Even before Queen came together as a band, May was touring antique shops, street markets and auction houses that sell old photographs. Many of the stereoscopic pictures were grubby and faded but when seen through a 3-D viewer “these ancient images would burst into life and suddenly a whole world, created close to the dawn of photography itself, took shape before my eyes.” That’s the world May has spent three decades exploring.
He’s accomplished the archeological miracle of breathing new life into the reputation of T.R. Williams (1824-1871), a photographer who was famous during his lifetime but has since been forgotten. Along with Elena Vidal, an art scholar specializing in 3-D photos, May has edited an impressive art book, A Village Lost and Found (Frances Lincoln Publishers), reproducing 59 stereographs by Williams of village life in England in the 1850s, along with a brief biography of Williams and the poems he wrote to accompany his photos. (The $75.50 price includes a stereoscopic viewer designed by May.)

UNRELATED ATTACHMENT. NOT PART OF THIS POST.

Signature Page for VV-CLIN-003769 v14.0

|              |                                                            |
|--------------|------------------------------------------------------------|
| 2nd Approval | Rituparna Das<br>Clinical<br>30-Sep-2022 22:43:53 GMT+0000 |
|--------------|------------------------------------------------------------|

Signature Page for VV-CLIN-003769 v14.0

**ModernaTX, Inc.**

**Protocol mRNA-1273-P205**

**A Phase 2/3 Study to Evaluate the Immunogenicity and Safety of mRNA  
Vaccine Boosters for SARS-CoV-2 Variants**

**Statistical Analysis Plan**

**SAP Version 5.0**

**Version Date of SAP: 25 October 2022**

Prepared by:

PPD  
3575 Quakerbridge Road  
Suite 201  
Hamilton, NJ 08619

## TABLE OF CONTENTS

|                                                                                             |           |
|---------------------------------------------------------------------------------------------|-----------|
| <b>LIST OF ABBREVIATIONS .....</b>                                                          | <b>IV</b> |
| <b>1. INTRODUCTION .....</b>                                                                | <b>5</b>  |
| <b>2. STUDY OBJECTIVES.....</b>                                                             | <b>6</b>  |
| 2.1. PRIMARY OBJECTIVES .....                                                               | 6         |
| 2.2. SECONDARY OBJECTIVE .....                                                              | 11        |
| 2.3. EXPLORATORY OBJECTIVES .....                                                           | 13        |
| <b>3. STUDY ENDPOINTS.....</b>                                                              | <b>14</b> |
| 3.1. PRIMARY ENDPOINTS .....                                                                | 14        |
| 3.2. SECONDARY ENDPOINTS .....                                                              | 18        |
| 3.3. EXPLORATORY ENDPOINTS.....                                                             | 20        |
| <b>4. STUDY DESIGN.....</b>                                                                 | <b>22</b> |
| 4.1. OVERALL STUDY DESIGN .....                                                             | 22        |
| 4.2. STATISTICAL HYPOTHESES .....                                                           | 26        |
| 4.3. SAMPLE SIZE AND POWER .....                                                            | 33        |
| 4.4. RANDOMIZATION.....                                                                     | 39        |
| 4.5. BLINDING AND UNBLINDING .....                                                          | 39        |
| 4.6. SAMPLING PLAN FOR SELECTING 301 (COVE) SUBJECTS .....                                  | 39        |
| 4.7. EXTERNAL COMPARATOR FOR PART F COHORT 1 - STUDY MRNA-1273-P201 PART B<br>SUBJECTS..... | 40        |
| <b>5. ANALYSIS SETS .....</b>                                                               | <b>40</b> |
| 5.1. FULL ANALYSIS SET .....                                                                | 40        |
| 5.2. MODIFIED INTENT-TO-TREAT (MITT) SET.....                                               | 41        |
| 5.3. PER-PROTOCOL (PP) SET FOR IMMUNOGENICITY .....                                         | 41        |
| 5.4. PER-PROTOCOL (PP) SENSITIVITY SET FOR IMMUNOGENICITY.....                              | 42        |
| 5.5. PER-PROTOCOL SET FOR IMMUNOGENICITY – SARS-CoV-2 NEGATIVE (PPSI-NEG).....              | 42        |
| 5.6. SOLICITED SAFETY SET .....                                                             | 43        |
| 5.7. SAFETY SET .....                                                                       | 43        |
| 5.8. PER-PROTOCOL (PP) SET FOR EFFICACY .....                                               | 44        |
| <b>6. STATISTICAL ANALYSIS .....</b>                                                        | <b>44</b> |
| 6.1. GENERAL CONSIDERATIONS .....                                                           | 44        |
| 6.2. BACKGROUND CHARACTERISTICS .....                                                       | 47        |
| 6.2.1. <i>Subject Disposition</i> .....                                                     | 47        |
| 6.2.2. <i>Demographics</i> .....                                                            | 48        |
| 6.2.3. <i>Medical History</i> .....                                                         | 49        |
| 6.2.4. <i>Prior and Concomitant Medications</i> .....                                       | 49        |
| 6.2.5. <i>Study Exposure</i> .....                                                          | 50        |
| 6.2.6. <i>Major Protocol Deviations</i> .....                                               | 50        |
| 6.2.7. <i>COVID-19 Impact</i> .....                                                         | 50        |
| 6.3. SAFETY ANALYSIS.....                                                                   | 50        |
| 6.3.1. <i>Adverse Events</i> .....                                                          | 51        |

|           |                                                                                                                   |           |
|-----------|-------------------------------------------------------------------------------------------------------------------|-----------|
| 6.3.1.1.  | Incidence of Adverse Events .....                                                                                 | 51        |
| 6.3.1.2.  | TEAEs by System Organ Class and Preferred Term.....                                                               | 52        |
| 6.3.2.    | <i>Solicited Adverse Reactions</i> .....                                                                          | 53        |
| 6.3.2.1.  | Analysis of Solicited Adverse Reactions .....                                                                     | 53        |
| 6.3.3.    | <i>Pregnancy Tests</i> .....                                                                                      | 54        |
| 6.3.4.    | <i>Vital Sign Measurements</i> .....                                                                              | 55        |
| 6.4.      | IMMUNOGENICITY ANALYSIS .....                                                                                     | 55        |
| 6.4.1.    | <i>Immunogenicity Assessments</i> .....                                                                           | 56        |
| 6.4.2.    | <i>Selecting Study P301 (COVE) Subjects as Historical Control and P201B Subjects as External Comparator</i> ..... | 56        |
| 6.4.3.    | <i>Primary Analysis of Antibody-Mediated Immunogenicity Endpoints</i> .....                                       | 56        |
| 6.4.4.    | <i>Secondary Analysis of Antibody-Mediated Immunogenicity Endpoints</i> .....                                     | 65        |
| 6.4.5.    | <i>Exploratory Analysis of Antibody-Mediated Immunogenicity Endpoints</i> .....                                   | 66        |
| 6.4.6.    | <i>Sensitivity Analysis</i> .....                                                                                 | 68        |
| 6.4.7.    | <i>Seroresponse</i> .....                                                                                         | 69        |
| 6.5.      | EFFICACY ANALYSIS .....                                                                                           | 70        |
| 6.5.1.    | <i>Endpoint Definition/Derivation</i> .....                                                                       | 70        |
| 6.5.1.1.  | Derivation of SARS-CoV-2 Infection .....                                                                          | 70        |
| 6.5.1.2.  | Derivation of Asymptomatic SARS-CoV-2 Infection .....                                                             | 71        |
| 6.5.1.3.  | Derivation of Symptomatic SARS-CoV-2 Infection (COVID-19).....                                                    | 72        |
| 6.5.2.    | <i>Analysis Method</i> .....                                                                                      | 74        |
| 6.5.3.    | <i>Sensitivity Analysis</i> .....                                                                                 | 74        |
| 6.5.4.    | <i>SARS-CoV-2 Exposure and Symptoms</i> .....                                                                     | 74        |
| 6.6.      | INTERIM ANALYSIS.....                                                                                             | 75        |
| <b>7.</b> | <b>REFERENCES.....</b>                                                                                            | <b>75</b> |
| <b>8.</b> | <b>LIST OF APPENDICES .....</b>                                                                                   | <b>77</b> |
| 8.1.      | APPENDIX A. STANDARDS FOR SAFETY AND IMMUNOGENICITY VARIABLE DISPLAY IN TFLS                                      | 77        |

“To me, he was like a rock star of his day,” May says. “Stereo photography was huge.” Williams apprenticed with Antoine Claudet, a photographer and inventor who had studied with Louis Daguerre, one of the inventors of photography. Williams learned and developed Claudet’s technique of taking two nearly identical side-by-side images, so that they produced a feeling of depth when seen in a 3-D viewer.
Williams took 3-D portraits (including some of Queen Victoria’s family), made pictures of the Great Exhibition in The Crystal Palace in 1851 and produced a series of village scenes. He made still-life studies influenced by 17th-century Dutch painting. He died at 46 and the stereoscope boom faded. His reputation vanished beneath the waves of fashion and since then he’s rarely even been mentioned in print.
His village series, reproduced and sold to the public as cards, seems to have been an attempt to document pre-modern life before it disappeared. He depicted bridges, granaries, cottages and a church. He posed villagers gossiping, fishing, washing, operating a grindstone. Sometimes he put himself in the photos, always a figure in a top hat and tails, facing away from the camera.